"When we respond to calls, it really doesn't matter what their race is," Carter said. "We have to deal with them anyway."
Race is not the only issue at play when talking about police use of force, Ammons said. Socioeconomic status is another factor, he said.
"You're not going to find rich people who are being tased, beaten or killed," he said. "That's not going to happen. ... The poor and the uneducated are going to be the ones who suffer the most."
"The vast majority of the cases where we used Tasers are situations in response to calls from citizens for help.," Dollins said. "Maybe African-Americans are more likely to call us for help in situations like these."
Kimberlie Kranich of Champaign, a CU Citizens for Peace and Justice member who was also active in the anti-Taser campaign, said she isn't surprised that blacks make up a majority of the people being tased in the area.
"One of the reasons for our opposing it was we knew this new tool would be used disproportionately against African-American folks," said Kranich, who is white. "We knew from personal stories and statistics there was different treatment based on the race of suspects. Is this just another toy that can be used in a threatening way to intimidate and harass people? This has been our concern."
Larry Thomason, spokesman for the Danville Police Department, said the police reports show that the individuals a Taser was used on were combative or resisted arrest.
"I am not specifically aware of any incident involving a Taser directed at a specific race," Thomason said. "It's a matter of a person breaking the law."
Thomason said Danville police officers must file a report every time a Taser is used to make sure the use of the device was warranted.
"Disciplinary action would be taken with any improper usage," Thomason said.
Thomason said no disciplinary action has been taken over the use of a Taser by a Danville officer.
The Rev. Floyd Dabney, former president of the Danville chapter of the NAACP, said he has never heard any negative complaints about Taser usage in Danville.
"I think the Taser, to me, is a good police weapon," Dabney said. "I'm not going to say there is anything racial there. I'm black myself, and they don't pick on me. If those people weren't out there doing something wrong, they never would have been bothered."
"I'm not concerned," said Steve Gray, chairman of the Rantoul Fire and Police Commission, which is charged with monitoring, hiring, firing and disciplining police. "Our police officers are doing due diligence, and these guys are absolutely not discriminating. I believe they are color blind. Tasers are good because they can be used to defuse a dangerous situation without using a greater force. These guys could care less what a person's color is. If a situation warrants using a Taser, they are going to use a Taser."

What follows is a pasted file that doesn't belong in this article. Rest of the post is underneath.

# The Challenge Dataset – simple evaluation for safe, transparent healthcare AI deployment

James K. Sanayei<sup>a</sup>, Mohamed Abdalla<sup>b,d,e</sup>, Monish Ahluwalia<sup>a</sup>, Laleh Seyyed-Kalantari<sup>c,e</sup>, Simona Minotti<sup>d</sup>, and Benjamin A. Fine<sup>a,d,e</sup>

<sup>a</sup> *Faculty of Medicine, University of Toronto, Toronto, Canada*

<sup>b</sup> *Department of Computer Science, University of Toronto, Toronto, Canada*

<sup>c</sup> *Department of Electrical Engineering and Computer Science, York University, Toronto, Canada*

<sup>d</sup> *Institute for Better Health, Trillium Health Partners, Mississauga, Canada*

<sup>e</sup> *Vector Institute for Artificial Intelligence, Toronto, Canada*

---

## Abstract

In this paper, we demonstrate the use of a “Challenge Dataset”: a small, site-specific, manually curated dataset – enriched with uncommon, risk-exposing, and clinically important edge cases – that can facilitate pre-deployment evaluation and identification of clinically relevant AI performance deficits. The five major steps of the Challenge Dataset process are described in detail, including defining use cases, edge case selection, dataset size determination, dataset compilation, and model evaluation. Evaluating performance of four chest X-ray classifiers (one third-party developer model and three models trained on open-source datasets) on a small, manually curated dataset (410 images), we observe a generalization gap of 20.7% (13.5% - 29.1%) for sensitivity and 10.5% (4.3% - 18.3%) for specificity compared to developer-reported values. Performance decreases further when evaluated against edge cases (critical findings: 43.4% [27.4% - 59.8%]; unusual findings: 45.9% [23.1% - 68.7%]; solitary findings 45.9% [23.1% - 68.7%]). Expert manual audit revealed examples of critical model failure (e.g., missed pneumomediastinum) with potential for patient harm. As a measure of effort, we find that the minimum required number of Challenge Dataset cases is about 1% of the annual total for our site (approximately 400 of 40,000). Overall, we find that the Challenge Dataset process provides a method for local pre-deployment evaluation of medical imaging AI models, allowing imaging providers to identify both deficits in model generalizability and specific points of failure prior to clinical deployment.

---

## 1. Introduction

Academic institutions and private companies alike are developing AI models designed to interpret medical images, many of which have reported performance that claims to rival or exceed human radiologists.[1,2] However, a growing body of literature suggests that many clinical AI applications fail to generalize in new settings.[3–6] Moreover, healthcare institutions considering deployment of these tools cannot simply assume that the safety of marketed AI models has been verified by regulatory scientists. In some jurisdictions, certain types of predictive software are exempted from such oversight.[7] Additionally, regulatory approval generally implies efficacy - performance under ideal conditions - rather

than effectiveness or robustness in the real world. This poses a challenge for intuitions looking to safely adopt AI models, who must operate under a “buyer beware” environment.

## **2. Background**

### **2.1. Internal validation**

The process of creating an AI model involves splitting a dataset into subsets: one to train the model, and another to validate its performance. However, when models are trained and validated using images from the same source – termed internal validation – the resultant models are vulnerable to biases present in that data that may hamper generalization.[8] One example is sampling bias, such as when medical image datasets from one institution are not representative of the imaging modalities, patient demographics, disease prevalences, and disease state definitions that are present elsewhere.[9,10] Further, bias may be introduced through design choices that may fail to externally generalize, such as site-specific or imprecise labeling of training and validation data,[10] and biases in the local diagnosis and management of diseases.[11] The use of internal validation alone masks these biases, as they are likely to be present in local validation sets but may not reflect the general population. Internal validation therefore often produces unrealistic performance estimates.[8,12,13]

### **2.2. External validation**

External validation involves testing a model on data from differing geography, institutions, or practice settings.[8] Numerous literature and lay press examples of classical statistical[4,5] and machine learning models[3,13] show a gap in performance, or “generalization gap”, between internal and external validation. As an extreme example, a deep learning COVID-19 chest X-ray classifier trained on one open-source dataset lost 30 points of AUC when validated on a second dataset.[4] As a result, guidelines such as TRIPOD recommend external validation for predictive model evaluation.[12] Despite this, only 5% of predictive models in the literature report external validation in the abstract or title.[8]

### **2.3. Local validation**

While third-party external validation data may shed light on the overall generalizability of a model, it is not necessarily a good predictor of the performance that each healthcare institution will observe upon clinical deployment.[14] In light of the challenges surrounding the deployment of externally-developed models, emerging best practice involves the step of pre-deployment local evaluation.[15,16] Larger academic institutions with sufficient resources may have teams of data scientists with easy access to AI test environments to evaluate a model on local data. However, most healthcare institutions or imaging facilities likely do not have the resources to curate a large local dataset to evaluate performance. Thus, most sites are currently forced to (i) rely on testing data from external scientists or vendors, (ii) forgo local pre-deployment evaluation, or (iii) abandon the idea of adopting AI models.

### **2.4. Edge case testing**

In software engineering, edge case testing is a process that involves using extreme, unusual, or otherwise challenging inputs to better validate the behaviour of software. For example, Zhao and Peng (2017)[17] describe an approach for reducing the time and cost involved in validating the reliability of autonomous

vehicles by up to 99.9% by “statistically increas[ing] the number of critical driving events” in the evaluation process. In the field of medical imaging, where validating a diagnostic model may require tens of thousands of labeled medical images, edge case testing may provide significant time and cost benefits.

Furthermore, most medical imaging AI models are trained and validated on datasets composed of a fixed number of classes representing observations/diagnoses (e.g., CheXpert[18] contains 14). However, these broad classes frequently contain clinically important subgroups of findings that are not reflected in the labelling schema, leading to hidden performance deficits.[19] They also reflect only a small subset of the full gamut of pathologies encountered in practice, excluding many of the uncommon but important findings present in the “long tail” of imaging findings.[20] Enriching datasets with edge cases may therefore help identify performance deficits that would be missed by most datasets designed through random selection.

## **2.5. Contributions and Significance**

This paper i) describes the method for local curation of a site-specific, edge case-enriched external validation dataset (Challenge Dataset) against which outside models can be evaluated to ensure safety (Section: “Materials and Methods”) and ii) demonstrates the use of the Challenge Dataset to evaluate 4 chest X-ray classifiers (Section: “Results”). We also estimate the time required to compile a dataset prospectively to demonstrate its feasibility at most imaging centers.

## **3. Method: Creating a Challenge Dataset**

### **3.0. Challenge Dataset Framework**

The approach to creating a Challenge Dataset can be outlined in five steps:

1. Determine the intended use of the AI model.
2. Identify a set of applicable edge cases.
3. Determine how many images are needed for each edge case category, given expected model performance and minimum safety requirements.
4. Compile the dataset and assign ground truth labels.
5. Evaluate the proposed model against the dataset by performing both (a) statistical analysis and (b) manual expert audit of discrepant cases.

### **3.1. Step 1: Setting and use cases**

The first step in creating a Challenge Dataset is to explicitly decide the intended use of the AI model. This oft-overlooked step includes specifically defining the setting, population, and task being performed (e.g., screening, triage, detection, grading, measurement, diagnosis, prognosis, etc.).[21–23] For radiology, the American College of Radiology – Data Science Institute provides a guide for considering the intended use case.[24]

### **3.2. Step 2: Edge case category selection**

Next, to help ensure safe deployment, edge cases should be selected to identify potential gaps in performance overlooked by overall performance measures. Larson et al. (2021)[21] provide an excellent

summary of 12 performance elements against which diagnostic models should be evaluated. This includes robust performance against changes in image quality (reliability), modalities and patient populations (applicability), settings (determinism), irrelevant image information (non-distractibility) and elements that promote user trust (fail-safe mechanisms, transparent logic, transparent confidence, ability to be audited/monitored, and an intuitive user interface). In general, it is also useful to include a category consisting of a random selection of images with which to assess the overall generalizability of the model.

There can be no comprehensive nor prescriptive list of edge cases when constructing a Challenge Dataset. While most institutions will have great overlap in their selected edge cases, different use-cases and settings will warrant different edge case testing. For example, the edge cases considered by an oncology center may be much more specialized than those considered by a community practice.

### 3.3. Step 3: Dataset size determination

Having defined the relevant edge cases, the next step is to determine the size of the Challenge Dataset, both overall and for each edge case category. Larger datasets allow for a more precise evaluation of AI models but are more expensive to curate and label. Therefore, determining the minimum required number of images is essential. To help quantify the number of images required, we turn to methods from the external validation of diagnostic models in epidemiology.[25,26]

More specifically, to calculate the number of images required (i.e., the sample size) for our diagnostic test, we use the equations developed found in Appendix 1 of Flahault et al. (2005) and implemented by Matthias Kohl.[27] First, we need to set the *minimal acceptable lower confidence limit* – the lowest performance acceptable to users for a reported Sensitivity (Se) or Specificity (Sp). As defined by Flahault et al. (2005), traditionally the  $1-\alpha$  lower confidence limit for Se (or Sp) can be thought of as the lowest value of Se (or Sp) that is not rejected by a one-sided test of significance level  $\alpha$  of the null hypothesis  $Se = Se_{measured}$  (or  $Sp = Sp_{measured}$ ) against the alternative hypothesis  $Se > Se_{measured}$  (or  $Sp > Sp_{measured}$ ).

The Vermilion County sheriff's department, which has had Tasers for two years, does not keep statistics on their use, but Sheriff Pat Hartshorn said deputies use them less frequently than Danville police.
"I have had no complaints from any groups on the usage of Tasers," Hartshorn said.
Champaign County Sheriff Dan Walsh said Tasers are necessary to provide protection for his deputies, many of whom work alone miles from the nearest backup help.
"Tasers help to keep my deputies safe," he said. "A deputy could be attacked way out in Longview, and the nearest backup deputy might be 20 minutes away."
Robert Jones, president of the Illinois Association of Chiefs of Police, said his association has not taken a position either for or against Taser use.
"The use of Tasers is an individual police department's choice," said Jones, who is police chief in Gurnee.
Dollins said he believes Tasers help protect people and officers from getting hurt. He said police often use Tasers because the lives of bystanders are at risk.
"It isn't unusual in these emotional situations for people to decide to turn on the officer," Dollins said. "The officer becomes the bad guy because the officer is trying to intervene. Working in law enforcement is a high-risk calling."
"I think police officers are usually defensive about the use of Tasers," Parsons said. "That is the reason we were concerned about Tasers in the first place."
Dollins said nobody was seriously injured in Rantoul's 13 incidents because of a Taser.
"Some have had injuries, but they were completely unrelated from the use of Tasers," Dollins said.
Hartshorn also reported no serious injuries in Vermilion County when a Taser has been used.
"I think it is a technology resource for law enforcement that allows us to subdue violent suspects." he said.
Using alternative force such as a nightstick, firearm or wrestling someone to the ground leaves a much longer-lasting effect on the suspect, Hartshorn said.
"When a person gets hit with a nightstick, I can guarantee it will hurt a week later," Hartshorn said.